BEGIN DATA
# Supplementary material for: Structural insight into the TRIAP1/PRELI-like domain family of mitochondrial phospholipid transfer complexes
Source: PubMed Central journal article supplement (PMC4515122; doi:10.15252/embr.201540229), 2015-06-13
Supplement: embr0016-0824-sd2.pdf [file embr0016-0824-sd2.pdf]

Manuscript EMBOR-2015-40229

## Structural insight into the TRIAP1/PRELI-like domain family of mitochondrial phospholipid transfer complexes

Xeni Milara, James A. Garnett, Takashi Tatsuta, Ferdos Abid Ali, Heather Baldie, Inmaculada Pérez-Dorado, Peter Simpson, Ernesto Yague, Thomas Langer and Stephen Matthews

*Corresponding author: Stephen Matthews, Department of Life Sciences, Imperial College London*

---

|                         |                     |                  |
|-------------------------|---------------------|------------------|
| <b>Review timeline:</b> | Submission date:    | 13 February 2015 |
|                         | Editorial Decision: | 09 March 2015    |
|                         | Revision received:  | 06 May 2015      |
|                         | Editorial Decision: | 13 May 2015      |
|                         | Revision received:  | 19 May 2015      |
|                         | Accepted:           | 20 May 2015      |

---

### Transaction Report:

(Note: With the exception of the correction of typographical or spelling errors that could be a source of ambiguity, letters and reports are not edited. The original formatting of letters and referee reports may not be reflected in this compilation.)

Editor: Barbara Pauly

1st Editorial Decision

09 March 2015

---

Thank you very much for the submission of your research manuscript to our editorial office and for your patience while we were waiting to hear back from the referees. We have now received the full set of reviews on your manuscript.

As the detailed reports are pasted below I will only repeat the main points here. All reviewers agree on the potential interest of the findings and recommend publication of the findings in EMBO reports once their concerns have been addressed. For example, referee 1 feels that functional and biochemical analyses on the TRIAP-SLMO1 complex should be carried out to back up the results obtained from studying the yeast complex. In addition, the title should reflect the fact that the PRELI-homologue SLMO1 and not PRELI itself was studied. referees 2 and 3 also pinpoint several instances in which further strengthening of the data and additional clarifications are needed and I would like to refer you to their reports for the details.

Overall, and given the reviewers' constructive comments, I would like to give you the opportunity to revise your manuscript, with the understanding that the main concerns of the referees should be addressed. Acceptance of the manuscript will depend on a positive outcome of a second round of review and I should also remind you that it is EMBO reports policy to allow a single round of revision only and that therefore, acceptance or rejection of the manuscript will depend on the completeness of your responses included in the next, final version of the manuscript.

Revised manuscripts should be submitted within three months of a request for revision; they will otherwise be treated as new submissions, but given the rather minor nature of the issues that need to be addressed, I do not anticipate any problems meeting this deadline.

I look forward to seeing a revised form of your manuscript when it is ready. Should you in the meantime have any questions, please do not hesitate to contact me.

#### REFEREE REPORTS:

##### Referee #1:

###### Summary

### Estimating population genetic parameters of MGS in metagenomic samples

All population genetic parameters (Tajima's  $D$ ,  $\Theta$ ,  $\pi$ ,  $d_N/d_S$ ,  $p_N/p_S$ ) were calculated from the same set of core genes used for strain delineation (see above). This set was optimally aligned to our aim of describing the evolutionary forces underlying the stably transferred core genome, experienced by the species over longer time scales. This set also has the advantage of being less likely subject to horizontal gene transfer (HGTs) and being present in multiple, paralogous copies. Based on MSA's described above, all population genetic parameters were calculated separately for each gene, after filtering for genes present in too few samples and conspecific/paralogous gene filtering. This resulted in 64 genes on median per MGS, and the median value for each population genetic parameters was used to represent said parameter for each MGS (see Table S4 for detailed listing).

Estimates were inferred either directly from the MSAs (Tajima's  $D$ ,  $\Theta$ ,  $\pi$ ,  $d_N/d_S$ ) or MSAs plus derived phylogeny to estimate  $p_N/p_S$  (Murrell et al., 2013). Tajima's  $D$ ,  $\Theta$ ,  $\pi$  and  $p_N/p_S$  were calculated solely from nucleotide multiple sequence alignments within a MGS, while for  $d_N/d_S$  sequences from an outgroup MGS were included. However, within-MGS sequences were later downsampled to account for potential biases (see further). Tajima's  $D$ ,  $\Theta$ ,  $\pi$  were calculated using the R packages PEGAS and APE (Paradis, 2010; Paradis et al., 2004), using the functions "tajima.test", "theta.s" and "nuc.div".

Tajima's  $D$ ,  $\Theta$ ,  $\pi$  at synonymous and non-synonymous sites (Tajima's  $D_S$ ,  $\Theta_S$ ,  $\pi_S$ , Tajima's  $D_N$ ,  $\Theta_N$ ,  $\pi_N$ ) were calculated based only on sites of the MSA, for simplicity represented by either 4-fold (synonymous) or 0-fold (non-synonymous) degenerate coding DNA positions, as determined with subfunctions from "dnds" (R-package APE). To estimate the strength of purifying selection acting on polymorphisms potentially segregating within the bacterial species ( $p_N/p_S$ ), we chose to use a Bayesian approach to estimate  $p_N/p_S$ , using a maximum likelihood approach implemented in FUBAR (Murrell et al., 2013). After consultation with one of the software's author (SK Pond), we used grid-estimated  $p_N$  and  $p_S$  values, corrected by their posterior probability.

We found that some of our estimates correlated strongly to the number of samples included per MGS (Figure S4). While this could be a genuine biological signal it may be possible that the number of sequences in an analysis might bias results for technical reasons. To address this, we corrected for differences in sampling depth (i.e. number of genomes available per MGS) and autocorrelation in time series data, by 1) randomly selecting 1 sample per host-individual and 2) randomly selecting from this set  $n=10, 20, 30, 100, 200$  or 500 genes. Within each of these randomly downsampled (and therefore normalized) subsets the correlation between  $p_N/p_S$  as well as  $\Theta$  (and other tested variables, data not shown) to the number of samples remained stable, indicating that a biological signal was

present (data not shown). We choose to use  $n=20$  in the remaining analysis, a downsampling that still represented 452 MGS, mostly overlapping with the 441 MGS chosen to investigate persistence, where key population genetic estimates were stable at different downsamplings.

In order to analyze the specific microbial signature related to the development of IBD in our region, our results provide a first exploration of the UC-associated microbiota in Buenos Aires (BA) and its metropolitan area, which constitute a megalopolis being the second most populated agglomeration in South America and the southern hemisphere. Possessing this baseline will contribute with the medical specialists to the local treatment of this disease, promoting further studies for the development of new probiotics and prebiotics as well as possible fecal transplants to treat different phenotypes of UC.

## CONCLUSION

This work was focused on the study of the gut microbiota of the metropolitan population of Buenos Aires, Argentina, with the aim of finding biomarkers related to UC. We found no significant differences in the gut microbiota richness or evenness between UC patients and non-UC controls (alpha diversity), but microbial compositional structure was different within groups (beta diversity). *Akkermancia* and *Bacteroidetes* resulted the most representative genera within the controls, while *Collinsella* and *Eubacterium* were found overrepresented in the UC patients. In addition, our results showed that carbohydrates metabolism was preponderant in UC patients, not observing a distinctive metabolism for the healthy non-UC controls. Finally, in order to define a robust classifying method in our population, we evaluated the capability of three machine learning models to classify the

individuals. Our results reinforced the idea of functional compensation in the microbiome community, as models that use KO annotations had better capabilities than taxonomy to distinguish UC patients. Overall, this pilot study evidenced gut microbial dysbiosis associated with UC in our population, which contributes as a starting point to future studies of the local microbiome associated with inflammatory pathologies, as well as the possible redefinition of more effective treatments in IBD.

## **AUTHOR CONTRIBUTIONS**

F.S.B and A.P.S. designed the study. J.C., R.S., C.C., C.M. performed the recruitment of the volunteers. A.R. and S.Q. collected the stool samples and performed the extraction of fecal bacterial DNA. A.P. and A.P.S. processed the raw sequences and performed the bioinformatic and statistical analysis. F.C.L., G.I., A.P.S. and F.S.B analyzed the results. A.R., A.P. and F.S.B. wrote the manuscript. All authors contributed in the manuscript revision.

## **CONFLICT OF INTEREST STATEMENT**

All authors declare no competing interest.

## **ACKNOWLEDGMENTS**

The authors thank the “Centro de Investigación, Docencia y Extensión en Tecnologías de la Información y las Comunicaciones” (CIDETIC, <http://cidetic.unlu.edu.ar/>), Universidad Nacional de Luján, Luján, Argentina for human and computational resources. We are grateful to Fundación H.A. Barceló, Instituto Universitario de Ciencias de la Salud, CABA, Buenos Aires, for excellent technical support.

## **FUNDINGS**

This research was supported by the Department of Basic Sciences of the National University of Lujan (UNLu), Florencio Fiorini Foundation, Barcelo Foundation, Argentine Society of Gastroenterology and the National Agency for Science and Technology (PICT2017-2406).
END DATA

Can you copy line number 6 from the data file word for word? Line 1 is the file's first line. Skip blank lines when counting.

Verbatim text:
Xeni Milara, James A. Garnett, Takashi Tatsuta, Ferdos Abid Ali, Heather Baldie, Inmaculada Pérez-Dorado, Peter Simpson, Ernesto Yague, Thomas Langer and Stephen Matthews